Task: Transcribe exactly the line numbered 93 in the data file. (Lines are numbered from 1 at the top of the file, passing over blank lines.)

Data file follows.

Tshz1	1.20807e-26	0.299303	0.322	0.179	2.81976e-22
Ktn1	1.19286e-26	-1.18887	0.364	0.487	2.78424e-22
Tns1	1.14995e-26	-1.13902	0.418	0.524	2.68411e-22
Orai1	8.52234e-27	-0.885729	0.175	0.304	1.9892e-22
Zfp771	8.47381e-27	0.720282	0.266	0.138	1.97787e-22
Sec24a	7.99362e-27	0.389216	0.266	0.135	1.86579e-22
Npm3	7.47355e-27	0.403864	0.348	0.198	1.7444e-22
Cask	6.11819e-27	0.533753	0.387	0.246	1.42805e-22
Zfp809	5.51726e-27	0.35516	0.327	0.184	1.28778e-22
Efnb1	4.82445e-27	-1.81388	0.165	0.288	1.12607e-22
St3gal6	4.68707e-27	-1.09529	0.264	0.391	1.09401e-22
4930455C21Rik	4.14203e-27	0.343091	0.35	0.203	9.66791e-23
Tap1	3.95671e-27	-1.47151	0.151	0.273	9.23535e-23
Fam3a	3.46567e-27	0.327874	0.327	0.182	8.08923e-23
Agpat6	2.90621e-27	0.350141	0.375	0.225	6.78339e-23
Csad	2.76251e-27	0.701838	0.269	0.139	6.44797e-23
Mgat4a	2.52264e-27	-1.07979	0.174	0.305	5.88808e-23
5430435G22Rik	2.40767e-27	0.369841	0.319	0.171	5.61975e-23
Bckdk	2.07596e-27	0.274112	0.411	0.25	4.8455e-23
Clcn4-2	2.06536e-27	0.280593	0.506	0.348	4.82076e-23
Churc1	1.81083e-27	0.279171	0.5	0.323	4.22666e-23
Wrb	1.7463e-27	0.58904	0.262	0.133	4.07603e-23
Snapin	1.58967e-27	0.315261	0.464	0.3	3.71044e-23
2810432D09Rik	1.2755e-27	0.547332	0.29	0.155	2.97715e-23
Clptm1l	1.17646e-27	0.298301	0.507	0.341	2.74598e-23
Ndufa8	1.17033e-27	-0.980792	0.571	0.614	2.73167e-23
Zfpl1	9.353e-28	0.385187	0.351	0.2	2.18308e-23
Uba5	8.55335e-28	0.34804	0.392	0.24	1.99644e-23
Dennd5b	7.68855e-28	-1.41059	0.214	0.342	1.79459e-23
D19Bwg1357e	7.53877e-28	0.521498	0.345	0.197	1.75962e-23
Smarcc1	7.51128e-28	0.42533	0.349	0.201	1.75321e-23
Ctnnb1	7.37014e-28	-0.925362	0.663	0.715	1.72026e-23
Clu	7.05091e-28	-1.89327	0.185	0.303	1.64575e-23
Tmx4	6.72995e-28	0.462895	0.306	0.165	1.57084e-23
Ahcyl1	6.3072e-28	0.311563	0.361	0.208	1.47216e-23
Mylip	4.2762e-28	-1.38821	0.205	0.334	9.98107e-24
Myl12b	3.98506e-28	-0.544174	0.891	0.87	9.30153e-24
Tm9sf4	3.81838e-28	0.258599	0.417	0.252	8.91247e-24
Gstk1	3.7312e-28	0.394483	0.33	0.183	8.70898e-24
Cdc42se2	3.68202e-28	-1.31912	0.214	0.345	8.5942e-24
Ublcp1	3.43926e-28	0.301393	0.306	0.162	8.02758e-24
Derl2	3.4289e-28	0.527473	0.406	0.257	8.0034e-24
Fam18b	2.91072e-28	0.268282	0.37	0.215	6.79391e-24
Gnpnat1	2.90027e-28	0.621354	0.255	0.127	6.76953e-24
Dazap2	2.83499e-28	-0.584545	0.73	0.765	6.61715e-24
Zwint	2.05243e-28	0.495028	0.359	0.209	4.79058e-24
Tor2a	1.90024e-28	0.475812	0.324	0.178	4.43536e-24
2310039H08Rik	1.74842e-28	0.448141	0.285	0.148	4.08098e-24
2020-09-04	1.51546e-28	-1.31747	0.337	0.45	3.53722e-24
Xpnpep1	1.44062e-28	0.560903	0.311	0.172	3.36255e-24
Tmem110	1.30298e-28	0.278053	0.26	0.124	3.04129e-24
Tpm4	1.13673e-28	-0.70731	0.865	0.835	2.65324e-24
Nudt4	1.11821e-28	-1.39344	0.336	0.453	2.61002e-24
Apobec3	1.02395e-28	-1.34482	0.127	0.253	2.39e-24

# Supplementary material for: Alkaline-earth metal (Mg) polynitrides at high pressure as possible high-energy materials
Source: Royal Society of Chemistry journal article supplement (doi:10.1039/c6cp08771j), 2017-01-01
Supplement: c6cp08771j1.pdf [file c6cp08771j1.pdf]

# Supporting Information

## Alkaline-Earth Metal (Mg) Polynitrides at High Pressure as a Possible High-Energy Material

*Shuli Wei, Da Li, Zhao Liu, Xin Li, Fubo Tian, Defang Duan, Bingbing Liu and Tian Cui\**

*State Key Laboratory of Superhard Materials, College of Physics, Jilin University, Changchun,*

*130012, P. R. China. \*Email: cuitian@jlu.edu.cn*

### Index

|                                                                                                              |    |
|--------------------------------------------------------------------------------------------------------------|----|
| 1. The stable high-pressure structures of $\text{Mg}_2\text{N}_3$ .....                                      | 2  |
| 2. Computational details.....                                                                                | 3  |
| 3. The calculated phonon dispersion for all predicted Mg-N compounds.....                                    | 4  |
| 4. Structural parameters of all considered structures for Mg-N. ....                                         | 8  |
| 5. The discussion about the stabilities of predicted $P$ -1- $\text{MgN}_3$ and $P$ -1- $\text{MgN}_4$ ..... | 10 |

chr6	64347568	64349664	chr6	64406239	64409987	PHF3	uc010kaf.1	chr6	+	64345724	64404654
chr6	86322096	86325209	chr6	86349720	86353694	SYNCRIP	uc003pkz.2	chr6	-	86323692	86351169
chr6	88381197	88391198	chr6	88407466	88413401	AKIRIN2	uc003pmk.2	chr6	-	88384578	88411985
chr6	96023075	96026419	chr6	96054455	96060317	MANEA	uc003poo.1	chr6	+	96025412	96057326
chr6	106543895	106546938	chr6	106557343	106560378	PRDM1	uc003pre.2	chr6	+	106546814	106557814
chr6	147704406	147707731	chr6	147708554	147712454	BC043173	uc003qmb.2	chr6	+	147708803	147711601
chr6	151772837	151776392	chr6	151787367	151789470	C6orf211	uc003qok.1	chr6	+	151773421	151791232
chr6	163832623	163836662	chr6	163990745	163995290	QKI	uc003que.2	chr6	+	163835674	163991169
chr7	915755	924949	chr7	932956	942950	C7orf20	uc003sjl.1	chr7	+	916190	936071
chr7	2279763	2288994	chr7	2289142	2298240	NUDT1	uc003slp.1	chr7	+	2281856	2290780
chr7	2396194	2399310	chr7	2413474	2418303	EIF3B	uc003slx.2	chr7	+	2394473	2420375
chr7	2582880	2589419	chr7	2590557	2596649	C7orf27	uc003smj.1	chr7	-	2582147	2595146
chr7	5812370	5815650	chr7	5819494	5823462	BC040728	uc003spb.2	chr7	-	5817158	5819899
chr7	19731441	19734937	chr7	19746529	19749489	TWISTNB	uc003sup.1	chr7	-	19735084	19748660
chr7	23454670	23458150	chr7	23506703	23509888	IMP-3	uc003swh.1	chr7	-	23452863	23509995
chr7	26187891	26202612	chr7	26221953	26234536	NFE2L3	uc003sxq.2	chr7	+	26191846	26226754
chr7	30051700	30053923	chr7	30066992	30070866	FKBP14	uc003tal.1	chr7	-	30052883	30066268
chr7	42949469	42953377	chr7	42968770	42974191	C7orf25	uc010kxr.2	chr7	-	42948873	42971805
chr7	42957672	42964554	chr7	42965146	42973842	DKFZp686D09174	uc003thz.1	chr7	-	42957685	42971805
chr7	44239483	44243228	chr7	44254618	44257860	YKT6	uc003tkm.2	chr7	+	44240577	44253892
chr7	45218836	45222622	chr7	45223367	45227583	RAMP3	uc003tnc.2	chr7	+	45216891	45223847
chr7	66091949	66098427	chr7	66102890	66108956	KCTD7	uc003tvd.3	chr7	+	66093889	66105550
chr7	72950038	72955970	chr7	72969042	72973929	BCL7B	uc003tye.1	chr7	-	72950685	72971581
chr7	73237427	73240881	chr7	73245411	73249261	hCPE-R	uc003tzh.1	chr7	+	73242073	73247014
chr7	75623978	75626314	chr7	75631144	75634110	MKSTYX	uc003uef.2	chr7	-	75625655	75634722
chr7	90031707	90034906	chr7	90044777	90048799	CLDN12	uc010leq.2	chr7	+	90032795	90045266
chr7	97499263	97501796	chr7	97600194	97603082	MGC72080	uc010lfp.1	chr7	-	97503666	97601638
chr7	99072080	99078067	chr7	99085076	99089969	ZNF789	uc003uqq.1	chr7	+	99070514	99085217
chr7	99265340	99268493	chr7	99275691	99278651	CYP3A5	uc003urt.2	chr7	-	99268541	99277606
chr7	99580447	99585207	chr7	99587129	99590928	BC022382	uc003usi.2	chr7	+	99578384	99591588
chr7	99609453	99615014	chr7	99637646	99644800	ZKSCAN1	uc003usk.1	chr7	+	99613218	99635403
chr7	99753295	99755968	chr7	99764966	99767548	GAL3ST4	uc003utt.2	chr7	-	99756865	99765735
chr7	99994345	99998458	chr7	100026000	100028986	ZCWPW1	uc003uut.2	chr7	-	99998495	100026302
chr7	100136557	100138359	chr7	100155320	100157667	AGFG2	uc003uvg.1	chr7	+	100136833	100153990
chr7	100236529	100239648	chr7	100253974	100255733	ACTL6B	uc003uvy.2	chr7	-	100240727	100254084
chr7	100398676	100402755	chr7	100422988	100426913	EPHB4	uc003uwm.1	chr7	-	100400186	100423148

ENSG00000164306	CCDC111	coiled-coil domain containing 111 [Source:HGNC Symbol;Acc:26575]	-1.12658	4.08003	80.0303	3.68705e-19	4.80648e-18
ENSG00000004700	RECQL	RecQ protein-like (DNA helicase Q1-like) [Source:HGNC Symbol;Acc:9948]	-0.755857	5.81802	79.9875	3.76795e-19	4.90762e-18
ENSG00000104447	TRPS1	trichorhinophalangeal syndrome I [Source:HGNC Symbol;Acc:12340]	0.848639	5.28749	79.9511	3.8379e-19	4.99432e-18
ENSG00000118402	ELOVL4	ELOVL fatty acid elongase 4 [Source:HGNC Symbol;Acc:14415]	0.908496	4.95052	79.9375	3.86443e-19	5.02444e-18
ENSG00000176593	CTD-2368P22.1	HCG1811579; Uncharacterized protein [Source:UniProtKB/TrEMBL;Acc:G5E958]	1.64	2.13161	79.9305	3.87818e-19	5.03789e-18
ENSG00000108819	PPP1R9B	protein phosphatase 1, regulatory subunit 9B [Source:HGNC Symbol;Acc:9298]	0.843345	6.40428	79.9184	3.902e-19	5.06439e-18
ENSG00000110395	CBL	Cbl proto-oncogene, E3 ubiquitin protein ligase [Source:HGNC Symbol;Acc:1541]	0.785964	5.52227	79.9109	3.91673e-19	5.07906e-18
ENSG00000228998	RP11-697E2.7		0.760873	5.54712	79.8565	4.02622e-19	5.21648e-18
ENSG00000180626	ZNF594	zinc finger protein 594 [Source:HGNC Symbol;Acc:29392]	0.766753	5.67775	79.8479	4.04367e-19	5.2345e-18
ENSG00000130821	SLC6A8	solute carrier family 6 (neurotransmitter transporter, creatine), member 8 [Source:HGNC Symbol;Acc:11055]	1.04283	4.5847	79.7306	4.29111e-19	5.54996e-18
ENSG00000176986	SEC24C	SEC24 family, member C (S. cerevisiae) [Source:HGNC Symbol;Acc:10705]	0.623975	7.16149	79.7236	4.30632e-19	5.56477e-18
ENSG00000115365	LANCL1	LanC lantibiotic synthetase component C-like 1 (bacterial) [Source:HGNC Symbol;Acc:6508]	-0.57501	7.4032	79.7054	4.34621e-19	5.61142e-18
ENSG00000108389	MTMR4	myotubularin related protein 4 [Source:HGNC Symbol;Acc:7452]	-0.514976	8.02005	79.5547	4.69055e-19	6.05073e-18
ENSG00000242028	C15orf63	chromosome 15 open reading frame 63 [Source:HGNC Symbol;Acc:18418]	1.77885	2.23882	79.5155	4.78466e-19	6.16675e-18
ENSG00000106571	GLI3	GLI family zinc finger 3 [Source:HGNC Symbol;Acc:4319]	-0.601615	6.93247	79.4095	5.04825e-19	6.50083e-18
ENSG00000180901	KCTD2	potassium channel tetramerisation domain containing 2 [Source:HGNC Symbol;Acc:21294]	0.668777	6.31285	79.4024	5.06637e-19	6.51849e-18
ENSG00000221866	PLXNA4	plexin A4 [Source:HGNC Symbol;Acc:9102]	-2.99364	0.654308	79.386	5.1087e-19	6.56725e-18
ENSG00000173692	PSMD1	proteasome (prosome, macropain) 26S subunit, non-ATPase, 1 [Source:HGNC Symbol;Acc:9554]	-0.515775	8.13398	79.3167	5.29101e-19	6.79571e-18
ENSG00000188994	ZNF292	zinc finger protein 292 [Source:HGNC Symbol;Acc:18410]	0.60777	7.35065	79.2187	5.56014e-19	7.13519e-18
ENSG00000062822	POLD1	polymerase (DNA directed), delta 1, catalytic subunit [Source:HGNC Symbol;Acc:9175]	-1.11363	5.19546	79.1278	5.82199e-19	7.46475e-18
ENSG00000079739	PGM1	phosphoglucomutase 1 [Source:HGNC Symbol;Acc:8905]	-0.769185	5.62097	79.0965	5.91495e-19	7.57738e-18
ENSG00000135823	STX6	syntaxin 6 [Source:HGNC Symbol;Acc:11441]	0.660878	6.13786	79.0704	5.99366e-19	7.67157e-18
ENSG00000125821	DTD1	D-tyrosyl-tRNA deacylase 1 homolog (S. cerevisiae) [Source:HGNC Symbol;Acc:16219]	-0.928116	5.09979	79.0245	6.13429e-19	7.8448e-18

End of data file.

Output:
chr7	72950038	72955970	chr7	72969042	72973929	BCL7B	uc003tye.1	chr7	-	72950685	72971581